Inflation is here to Stay
Most European Union (EU) residents are forced to work extra hard for their money in this tough, demanding and highly competitive business climate. Today’s troubled EU region has made it more important than ever for them to protect those hard-earned euros they’ve been able to save and invest for the future. Whether their retirement nest egg is a thousand euro’s or a hundred thousand or more, it has never been more important for them to protect their funds from various economic uncertainties such as higher taxes and lower wages but now a new problem inflation has become a major pothole that line their road to financial security.
Figure 1: Inflation Rising in the EU
Within the EU region, the UK has the highest inflation rate among the world’s top economies, in the latest sign the Brexit vote is contributing to a squeeze on living standards. The increased cost of importing food and fuel is pushing prices to rise at a faster rate than anywhere in the G7 group of leading global economies. The UK ranked top for inflation at a staggering 2.9% among the G7, whose other members include the US, Canada, France, Germany, Italy and Japan. The rise in prices in the UK was also above the averages for the euro area, the wider European Union and the G20 nations as a whole (refer Figure 1).
Amidst the sky-high inflation rates plaguing various parts of the world, in particular the UK has threatened to eat away at the safety net provided by the money that most of its residents had struggled to put aside for their future. Here is a step that most Europeans can now take to protect their money from the uncertainties posed by today’s volatile economy, namely the threat of inflation spiraling out of control.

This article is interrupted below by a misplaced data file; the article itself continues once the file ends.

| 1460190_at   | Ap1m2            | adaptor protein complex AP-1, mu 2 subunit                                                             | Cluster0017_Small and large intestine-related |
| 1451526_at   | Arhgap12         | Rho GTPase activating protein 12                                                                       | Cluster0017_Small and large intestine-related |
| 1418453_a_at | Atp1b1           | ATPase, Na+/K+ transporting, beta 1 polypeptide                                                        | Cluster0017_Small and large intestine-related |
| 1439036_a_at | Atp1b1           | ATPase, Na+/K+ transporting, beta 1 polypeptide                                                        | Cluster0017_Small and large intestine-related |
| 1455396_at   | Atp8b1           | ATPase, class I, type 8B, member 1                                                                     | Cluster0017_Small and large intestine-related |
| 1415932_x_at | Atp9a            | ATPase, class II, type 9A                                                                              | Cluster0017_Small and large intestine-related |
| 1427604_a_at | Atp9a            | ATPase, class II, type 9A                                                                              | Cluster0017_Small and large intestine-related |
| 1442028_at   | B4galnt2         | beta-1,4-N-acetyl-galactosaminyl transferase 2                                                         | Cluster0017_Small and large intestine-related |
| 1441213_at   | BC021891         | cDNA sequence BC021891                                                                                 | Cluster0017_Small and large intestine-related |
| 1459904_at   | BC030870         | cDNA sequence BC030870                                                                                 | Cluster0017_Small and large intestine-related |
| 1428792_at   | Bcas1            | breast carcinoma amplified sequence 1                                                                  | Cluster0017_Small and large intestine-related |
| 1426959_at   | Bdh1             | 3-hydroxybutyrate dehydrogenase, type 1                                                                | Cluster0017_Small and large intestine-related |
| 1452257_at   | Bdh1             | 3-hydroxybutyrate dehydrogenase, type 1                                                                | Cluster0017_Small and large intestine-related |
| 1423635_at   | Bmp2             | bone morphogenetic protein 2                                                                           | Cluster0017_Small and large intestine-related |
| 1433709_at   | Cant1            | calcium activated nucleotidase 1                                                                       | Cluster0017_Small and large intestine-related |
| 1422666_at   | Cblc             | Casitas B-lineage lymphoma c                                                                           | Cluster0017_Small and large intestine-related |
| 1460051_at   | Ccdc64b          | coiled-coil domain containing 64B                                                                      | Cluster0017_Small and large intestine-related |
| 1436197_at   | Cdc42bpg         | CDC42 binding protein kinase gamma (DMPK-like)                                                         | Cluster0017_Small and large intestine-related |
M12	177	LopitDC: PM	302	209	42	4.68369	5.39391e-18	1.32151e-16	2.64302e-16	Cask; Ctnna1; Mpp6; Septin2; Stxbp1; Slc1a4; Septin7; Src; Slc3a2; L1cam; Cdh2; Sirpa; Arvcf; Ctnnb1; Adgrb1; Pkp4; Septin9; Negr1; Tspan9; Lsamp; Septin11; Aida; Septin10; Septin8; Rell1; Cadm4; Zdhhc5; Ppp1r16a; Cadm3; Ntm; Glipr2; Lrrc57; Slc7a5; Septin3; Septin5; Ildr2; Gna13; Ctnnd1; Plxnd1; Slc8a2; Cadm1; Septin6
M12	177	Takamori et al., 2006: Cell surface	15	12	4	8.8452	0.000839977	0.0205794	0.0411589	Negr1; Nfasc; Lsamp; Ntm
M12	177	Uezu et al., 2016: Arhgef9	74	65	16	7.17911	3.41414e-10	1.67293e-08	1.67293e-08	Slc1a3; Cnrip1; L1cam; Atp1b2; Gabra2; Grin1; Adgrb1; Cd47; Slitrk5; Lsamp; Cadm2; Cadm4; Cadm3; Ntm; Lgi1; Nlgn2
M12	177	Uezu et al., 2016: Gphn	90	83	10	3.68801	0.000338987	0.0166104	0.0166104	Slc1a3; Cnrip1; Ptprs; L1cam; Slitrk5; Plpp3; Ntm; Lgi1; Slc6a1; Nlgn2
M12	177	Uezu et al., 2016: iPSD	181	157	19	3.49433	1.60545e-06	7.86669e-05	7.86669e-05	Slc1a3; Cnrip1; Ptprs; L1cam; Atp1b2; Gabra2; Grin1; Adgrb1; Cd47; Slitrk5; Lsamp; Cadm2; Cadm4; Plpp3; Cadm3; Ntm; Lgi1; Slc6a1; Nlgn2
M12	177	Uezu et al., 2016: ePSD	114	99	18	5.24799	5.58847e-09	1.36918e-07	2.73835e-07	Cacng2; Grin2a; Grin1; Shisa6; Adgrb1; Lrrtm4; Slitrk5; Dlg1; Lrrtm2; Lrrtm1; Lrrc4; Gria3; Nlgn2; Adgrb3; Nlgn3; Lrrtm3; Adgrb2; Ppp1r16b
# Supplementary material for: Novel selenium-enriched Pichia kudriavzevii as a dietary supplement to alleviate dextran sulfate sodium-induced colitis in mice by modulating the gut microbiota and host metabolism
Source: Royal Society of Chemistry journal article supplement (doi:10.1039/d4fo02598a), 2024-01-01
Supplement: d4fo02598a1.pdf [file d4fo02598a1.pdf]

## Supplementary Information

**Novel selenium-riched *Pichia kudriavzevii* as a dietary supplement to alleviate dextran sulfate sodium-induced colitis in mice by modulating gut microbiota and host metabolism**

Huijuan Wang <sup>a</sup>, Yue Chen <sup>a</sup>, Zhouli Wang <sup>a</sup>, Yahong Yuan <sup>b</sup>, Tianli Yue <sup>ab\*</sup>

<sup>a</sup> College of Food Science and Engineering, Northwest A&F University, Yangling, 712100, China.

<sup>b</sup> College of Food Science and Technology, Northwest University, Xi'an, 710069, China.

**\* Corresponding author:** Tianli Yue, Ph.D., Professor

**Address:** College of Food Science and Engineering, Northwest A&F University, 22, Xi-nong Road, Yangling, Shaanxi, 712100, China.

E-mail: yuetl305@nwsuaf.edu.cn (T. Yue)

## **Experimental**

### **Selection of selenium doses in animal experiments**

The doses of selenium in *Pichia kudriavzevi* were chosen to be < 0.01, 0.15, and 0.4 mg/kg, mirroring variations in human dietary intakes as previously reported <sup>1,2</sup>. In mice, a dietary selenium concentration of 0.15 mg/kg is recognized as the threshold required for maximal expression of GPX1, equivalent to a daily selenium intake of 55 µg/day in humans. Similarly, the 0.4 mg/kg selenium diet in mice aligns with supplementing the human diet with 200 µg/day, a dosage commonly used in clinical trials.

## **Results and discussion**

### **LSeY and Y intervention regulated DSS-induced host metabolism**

The Organization for Economic Co-operation and Development (OECD), 2017
 Eurostat, 2017
Diversifying your portfolio will help to lower your risk and increase your returns. One of the asset classes that we use to build diversified portfolios consist of hard-asset stocks. These hard-asset investments include companies that own and produce an underlying natural resources include oil, natural gas, precious metals (particularly gold and silver), base metal such as copper and nickel and other resources such as diamonds, coal, lumber and even new asset class such as shipping containers. Today, investment analysts recommend broadly diversifying your hard-asset stocks by resource type, geographic location of company’s reserves and even to new tangible asset classes.
Keep in mind that investing in hard-asset stocks is not the same thing as investing directly in commodities. Buying gold bullion or a gold futures contract is an investment directly in raw commodities or their volatility. Whereas, buying a physical gold mining company is a hard-asset stock investment.
Figure 2: Sterling Losing its Value
Over time, the pound sterling loses itsr buying power and the goods and services they import will cost more (refer Figure 2). Commodities, as an asset class, generally maintain their buying power in their respective currency terms. Stocks, as an asset class, generally appreciate over inflation after dividends are factored in. And, recently, hard-asset stocks have been appreciating nicely.
Preserve Your Capital
Jeremy Siegel, author of the book “Stocks for the Long Run,” did an analysis of investments over the past 200 years. Gold on average, maintains its value over time. For example, if you bought a dollar’s worth of gold 200 years ago, after adjusting for inflation, it would be worth $1.07 today. Because of inflation, a dollar today has only the buying power of about 7 cents back then. However, the stock market on average has been appreciating about 6.5% over the long-term of inflation. Hard-asset stocks give you the best of both worlds: the stability of a real asset, plus higher market returns.